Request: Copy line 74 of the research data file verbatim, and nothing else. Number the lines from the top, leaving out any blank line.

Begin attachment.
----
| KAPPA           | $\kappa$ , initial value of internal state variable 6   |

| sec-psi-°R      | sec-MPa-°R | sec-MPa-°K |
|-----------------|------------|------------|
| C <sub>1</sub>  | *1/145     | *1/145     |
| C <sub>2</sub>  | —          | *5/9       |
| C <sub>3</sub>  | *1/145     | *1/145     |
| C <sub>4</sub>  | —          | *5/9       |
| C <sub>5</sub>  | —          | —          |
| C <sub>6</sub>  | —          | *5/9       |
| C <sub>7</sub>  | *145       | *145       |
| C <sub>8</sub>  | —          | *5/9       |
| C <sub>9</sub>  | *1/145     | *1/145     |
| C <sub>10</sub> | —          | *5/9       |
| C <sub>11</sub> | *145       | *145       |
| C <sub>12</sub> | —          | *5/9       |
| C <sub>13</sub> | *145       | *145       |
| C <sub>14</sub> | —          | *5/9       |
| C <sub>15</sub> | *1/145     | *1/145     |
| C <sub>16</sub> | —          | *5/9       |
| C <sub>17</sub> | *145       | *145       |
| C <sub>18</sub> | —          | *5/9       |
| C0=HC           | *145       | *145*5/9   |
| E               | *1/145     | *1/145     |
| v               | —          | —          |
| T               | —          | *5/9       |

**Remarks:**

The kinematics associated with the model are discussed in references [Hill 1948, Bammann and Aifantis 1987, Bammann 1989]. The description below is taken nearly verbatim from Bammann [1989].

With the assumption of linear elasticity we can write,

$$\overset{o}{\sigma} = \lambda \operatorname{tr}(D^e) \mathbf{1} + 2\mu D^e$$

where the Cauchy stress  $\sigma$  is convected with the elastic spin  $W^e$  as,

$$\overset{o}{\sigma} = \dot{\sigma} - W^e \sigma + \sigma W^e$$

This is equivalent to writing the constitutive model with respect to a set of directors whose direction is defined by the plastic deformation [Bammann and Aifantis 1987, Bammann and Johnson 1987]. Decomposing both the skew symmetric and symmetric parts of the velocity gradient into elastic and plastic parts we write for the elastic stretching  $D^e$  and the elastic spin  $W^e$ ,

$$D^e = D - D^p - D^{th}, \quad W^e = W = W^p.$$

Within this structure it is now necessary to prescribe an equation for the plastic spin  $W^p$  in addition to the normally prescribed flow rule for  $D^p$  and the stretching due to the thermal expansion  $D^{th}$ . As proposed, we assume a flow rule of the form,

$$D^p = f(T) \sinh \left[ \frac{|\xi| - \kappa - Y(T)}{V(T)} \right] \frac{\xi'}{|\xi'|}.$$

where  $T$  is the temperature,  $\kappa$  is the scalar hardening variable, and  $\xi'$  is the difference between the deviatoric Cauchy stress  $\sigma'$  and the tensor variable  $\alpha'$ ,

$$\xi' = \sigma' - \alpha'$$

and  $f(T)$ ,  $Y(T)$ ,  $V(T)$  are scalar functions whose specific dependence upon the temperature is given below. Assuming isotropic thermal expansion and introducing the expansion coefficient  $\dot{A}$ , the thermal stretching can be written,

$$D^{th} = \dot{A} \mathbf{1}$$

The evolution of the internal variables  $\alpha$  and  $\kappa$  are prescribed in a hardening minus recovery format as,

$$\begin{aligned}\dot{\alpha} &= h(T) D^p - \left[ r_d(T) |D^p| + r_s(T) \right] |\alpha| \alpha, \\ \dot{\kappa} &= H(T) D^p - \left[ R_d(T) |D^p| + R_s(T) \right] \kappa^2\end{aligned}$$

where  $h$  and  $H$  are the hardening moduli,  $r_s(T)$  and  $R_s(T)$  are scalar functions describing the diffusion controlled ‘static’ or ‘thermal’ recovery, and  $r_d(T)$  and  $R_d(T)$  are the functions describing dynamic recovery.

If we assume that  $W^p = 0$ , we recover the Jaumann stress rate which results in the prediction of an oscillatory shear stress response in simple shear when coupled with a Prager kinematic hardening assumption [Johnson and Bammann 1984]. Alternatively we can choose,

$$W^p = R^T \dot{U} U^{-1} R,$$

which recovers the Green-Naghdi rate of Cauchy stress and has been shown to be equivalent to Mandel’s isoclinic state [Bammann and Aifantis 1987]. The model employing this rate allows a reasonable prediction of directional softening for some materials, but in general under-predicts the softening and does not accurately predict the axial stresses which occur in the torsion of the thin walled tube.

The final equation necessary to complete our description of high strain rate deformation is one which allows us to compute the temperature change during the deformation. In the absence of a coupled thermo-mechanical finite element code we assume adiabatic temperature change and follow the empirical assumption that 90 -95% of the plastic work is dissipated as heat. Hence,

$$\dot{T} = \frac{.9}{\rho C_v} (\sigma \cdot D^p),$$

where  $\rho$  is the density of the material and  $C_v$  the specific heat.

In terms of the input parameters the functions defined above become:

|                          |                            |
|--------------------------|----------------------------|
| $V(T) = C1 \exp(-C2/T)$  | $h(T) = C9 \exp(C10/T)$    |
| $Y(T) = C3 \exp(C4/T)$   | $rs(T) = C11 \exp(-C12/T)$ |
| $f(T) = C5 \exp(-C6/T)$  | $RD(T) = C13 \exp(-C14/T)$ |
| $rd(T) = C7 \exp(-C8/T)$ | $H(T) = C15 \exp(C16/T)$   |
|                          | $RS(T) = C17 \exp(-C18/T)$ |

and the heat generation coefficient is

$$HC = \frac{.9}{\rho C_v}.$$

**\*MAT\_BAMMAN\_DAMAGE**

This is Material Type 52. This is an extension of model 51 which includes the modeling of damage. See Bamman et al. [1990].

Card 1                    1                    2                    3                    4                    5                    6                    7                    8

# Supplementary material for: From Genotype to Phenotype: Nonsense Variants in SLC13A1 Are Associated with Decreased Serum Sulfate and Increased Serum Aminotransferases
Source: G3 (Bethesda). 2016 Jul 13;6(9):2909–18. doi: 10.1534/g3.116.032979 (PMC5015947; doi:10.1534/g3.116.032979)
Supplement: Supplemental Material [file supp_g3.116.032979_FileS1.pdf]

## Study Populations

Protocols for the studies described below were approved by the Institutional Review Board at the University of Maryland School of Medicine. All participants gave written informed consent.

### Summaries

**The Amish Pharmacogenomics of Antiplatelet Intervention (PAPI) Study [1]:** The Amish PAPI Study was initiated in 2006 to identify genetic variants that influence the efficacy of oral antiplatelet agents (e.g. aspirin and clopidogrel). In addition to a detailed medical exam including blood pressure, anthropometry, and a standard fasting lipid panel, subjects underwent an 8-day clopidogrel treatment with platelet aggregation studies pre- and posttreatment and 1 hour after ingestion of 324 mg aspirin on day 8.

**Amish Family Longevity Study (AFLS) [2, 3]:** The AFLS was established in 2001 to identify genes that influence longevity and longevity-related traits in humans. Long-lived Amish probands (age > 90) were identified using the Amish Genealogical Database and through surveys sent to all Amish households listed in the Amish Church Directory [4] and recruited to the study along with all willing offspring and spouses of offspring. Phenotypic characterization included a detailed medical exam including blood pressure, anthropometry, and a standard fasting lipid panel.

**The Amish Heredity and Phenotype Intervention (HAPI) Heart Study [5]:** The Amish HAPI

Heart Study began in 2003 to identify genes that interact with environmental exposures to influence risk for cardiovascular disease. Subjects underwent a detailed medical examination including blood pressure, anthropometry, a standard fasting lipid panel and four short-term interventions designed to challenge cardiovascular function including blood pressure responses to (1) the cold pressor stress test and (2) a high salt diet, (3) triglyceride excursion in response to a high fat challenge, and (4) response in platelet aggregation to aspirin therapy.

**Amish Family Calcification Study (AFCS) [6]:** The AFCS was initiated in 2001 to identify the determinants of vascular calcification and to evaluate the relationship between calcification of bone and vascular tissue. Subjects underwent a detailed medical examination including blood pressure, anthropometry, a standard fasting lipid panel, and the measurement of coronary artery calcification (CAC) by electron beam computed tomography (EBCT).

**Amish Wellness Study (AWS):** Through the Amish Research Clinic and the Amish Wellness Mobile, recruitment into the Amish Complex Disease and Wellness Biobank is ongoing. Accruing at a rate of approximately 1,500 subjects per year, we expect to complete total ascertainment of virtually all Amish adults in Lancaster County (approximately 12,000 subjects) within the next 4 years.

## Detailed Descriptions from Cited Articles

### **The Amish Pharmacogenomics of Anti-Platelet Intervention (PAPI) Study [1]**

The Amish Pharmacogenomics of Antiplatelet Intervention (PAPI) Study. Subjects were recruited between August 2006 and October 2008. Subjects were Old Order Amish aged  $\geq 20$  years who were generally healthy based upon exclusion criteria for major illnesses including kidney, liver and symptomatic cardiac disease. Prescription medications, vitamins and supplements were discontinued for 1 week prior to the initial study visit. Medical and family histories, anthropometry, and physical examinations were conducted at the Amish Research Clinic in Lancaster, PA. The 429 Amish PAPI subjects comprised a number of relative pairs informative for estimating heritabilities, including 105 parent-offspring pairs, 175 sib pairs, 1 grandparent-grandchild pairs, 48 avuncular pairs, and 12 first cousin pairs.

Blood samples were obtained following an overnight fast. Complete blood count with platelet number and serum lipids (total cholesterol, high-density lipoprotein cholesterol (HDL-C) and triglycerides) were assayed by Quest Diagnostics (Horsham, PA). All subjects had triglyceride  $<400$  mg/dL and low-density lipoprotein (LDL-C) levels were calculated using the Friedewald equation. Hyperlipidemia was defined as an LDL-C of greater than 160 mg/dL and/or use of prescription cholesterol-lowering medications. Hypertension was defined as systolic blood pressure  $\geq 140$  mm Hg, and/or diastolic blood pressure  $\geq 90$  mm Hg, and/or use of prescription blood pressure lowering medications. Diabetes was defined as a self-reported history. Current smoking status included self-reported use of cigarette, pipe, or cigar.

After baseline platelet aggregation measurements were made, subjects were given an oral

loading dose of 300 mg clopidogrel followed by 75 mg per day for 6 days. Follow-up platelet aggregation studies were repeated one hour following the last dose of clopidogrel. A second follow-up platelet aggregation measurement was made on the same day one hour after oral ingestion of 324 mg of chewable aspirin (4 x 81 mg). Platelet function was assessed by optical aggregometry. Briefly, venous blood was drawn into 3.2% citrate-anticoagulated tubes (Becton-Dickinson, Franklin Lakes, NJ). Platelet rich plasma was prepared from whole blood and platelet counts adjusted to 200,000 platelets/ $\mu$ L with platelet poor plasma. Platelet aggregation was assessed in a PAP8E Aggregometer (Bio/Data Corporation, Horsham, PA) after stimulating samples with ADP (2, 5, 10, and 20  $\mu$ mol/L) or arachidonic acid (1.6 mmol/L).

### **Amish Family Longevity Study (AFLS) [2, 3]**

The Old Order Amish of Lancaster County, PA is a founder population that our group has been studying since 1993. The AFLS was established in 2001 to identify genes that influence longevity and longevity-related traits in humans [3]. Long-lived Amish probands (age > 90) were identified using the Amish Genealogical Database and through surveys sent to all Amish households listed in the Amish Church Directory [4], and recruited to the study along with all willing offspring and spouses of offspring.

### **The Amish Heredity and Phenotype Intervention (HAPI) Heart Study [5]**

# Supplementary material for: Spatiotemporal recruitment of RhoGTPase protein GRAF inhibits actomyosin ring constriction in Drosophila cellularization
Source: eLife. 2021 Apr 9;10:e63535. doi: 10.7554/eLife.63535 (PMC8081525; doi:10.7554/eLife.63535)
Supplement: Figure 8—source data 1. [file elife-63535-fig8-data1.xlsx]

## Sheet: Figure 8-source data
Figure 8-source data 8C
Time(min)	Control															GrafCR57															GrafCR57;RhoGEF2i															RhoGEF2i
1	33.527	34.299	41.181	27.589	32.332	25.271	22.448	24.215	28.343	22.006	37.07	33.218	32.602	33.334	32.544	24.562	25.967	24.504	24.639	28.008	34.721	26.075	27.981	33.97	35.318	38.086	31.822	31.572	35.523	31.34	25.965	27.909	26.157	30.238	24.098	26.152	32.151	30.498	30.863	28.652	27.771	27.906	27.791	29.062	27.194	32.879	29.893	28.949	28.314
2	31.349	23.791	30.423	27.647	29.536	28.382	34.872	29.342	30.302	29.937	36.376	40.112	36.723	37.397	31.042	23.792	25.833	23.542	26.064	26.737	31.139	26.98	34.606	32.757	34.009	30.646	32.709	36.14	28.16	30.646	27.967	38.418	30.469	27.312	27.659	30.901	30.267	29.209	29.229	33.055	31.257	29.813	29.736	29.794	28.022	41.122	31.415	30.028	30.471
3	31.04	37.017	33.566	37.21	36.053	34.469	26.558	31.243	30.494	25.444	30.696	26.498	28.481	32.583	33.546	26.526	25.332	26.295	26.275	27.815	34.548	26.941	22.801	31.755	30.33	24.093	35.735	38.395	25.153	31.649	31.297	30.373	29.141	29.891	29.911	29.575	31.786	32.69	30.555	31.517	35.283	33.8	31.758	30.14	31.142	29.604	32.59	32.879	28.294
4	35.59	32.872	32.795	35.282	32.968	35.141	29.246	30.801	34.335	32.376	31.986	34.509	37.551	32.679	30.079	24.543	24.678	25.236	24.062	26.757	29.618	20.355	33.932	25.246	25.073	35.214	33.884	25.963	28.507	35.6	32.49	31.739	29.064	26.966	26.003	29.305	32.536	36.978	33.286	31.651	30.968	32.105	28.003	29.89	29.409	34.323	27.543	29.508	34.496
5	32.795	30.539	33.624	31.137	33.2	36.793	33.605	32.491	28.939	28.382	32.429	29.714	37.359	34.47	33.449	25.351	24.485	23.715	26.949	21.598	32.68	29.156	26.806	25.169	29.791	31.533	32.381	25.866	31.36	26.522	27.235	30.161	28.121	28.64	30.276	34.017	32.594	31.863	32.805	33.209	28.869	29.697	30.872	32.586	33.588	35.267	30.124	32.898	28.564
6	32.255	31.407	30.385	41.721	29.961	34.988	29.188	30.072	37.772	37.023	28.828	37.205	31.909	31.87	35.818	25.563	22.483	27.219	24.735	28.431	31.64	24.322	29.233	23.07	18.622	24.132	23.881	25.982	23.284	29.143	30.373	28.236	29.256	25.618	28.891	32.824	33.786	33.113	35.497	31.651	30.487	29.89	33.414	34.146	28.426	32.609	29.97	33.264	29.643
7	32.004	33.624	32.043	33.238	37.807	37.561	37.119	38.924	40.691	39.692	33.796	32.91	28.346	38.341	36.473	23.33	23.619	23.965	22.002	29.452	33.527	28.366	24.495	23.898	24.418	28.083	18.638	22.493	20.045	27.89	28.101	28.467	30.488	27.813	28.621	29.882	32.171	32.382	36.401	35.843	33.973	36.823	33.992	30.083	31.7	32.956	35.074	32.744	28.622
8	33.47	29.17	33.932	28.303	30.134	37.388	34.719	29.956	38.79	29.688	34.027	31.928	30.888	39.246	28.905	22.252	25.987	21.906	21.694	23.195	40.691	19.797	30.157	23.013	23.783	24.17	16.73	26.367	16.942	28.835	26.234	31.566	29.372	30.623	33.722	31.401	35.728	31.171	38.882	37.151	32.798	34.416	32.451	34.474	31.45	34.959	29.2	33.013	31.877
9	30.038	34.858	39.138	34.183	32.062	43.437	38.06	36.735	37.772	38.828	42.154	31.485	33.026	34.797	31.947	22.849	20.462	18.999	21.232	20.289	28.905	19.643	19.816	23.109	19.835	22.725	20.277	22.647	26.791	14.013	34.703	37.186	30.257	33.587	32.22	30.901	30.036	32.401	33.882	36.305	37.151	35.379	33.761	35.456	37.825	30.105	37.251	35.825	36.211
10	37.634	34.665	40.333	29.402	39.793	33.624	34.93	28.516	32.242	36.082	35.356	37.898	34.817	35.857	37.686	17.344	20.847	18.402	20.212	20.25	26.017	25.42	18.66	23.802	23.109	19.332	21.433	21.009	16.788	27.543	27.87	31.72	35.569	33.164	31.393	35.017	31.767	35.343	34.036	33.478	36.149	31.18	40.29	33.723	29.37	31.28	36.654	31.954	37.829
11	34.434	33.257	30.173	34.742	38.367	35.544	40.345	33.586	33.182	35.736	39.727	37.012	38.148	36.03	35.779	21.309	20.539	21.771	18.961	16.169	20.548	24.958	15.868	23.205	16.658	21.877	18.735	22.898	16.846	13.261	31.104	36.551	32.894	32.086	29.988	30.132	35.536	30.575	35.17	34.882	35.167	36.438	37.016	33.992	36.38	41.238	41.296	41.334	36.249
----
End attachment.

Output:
## Detailed Descriptions from Cited Articles